Most interactive fiction, at some level or another, involves problem solving. The games ask players to use critical thinking skills, whether in unravelling actual puzzles or in piecing together a storyline. When playing an adventure game, you have to figure out the problems you're trying to solve, then plan a solution.
Given this, could IF be used to teach critical thinking skills in a school environment? Sure, there is anecdotal evidence that playing adventure games helps your ability to evaluate and solve problems, but can IF truly be a teaching tool?
Brendan Desilets thinks so. Brendan, who has taught English in Massachusetts junior-high and high schools for over thirty years, has spent a lot of time integrating IF into classes.
He began back in the 1980's, using Zork I on an Apple II+ in a summer school class. "Like most English teachers, I'm always looking for ways to help students become more appreciative of literature and more able to understand it. I had eighth graders for three hours at a time, and I found that interactive fiction provided some variety for the kids, as well as a great chance for me to teach a variety of reading skills."
Since then, he's used text adventures in a number of classroom settings. He believes that interactive fiction helps train students to evaluate problems and their solutions.
He also sees many of the unique features of text adventures as being well-suited to classroom learning. Playing text adventures involves pauses—every time you reach the command prompt, you must pause to consider what to do next. These pauses give good opportunities for direct teaching, as the teacher won't be breaking the narrative flow to explain a new concept. And short of consulting a walkthrough or hint page, a student can't finish a text adventure without having understood most of what has gone on. In other words, text adventures have built-in reading comprehension tests.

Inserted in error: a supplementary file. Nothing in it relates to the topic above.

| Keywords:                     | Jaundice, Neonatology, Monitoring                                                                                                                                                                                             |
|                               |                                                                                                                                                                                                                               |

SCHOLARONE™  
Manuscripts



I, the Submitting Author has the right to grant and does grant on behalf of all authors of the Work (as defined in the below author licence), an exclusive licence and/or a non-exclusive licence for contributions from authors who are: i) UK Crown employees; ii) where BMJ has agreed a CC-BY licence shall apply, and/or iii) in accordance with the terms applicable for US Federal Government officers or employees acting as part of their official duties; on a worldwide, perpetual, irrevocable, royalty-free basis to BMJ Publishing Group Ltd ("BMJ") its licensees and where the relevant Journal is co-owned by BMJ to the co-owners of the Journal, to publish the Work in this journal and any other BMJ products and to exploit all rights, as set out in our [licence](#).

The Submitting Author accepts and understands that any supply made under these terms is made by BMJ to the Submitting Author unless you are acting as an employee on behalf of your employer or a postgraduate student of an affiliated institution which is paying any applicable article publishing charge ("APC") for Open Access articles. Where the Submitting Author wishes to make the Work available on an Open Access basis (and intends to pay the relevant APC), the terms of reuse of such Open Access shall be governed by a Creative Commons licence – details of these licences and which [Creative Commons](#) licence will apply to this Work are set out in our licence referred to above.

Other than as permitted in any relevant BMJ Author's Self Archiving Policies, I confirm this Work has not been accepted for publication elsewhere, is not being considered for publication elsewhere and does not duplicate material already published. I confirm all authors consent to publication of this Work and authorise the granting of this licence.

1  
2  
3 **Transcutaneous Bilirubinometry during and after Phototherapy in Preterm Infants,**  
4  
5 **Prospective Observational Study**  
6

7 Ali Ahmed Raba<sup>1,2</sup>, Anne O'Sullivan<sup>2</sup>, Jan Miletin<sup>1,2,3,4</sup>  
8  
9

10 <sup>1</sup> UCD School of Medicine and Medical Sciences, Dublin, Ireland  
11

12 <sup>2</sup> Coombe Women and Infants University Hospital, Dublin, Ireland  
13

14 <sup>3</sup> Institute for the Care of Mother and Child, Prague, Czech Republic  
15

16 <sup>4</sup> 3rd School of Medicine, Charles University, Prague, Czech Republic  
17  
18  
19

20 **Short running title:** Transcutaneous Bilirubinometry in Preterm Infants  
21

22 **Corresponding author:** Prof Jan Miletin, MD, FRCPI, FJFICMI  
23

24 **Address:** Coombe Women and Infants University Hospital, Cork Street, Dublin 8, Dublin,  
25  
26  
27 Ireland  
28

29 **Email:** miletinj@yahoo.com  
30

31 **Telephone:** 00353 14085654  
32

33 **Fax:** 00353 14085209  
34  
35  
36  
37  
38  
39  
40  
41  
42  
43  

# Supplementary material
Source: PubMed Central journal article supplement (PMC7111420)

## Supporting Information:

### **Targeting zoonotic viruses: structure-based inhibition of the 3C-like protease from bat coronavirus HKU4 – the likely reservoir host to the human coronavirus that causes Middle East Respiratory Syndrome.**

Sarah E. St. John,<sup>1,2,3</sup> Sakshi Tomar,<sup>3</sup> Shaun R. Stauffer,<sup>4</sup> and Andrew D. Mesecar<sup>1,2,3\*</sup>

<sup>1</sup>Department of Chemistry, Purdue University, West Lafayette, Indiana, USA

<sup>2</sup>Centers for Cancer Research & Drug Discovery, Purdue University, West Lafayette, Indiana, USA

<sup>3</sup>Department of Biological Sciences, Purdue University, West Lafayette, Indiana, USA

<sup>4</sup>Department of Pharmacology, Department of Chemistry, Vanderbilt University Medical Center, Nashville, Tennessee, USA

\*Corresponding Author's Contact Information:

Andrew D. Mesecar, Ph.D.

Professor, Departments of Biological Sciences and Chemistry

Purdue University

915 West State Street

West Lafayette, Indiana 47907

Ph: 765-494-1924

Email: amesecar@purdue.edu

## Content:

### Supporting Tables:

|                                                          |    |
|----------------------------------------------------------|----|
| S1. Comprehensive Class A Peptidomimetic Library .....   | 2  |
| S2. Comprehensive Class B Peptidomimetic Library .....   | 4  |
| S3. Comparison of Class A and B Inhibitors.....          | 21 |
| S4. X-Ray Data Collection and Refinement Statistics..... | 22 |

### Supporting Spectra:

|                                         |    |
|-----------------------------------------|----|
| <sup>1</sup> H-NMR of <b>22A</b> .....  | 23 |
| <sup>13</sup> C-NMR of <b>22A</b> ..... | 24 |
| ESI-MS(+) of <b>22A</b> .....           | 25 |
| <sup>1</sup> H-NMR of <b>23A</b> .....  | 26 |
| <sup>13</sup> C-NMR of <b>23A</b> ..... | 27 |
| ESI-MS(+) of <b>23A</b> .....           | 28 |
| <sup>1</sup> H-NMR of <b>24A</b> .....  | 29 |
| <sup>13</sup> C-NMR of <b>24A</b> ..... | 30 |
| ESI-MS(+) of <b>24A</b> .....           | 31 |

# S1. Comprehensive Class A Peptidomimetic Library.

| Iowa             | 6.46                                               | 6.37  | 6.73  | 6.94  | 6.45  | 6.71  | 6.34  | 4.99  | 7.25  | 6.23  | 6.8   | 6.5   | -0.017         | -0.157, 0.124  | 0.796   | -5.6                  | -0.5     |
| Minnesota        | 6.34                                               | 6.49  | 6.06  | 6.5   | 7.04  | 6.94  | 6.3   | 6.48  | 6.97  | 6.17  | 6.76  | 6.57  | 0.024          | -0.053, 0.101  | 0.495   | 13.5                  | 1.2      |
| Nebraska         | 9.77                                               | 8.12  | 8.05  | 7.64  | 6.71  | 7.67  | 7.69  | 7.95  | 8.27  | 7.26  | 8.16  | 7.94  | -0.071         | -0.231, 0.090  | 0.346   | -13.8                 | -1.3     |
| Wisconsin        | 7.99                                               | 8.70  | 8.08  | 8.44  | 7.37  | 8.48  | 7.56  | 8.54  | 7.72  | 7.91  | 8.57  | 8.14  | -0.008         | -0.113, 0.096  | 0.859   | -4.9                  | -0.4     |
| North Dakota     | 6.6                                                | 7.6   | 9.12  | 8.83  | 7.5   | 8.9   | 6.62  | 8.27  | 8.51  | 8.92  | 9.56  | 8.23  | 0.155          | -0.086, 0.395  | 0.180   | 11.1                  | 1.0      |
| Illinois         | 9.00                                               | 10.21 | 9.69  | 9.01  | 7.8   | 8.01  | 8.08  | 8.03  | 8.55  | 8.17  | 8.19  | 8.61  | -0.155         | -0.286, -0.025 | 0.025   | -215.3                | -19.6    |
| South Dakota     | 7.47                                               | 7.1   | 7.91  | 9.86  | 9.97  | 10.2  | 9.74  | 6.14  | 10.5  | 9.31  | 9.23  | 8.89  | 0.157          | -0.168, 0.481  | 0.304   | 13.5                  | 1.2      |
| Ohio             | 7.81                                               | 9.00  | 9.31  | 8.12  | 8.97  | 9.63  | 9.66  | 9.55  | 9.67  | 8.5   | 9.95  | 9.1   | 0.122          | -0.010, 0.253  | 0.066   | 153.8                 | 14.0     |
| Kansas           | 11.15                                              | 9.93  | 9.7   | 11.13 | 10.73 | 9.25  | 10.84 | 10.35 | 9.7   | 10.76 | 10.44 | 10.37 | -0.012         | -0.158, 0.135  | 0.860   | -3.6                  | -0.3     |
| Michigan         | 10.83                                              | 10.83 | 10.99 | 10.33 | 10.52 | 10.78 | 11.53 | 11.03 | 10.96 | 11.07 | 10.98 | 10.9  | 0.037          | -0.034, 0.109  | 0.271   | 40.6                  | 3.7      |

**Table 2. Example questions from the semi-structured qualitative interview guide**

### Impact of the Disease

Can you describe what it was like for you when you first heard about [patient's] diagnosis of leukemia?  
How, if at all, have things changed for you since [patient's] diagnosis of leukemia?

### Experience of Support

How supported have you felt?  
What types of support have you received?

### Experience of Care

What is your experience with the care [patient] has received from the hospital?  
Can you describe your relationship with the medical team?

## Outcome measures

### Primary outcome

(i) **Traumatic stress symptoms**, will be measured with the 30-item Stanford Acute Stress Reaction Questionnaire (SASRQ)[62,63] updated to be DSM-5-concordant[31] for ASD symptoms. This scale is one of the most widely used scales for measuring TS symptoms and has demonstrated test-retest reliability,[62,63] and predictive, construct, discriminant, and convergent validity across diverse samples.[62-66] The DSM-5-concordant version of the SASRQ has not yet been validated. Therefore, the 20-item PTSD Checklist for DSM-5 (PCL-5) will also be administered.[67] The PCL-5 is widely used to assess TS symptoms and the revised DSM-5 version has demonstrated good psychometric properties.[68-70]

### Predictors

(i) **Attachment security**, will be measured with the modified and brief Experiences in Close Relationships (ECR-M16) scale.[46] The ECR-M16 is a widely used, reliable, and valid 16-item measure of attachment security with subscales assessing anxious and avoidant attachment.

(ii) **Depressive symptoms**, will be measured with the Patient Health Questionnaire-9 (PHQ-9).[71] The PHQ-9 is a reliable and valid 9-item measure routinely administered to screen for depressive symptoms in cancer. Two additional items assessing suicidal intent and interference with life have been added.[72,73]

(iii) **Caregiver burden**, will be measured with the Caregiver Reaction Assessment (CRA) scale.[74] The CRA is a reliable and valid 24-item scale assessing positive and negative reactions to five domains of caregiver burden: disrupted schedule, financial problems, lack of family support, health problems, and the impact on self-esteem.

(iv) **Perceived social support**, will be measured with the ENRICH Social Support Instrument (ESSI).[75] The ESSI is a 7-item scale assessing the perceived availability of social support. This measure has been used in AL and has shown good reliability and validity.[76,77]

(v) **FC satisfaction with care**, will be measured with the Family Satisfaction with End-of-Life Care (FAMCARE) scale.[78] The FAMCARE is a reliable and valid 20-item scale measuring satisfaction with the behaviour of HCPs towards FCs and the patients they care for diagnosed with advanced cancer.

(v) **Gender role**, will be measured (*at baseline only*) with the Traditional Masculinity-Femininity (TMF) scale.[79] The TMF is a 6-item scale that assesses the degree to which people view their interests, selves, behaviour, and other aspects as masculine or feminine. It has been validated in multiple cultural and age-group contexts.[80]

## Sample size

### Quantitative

This is not to say that interactive fiction is a teaching panacea. It's entirely possible to use text adventures in the classroom with little success. It happened to Jamie Raymond, a high-school physics and chemistry teacher. His school decided that teachers would add a problem-solving component to their second-period classes. Jamie decided to use interactive fiction, as he had loved playing it during high school. He thought that it would work well as an outside project that each student could work on individually.
The first year he had everyone play Trinity, but found that students shared solutions too readily. The second year he had each student choose a different game.
In general he felt that the project didn't help teach problem solving skills. "The students for the most part didn't try to develop any kind of general strategies but seemed to randomly work their way through the games. When asked to write about what they did, I basically got walk-through summaries of their experiences." Only a handful of his students during those two years finished their game, and two or three students were very frustrated with the entire project.
Brendan admits there are difficulties to using text adventures in the classroom. "Most of my colleagues read my writings on the subject and tell me that IF in the classroom sounds like a great idea. A few even give it a try, but very few stay with it. Teachers have a very hard time becoming comfortable enough with IF as a literary form to use it well with kids."
Clearly, as when using text adventures to teach ESL, care must be used when introducing text adventures in the classroom. The teacher must feel comfortable with IF, and must be ready to help students out. However, there are potential rewards, including the chance to get students interested in learning. As one student told Brendan, "I like the way you participate, instead of just reading a book. IF also makes you think."
Bonus additional resource: Teaching and Learning with IF, Brendan Desilet's page on the subject.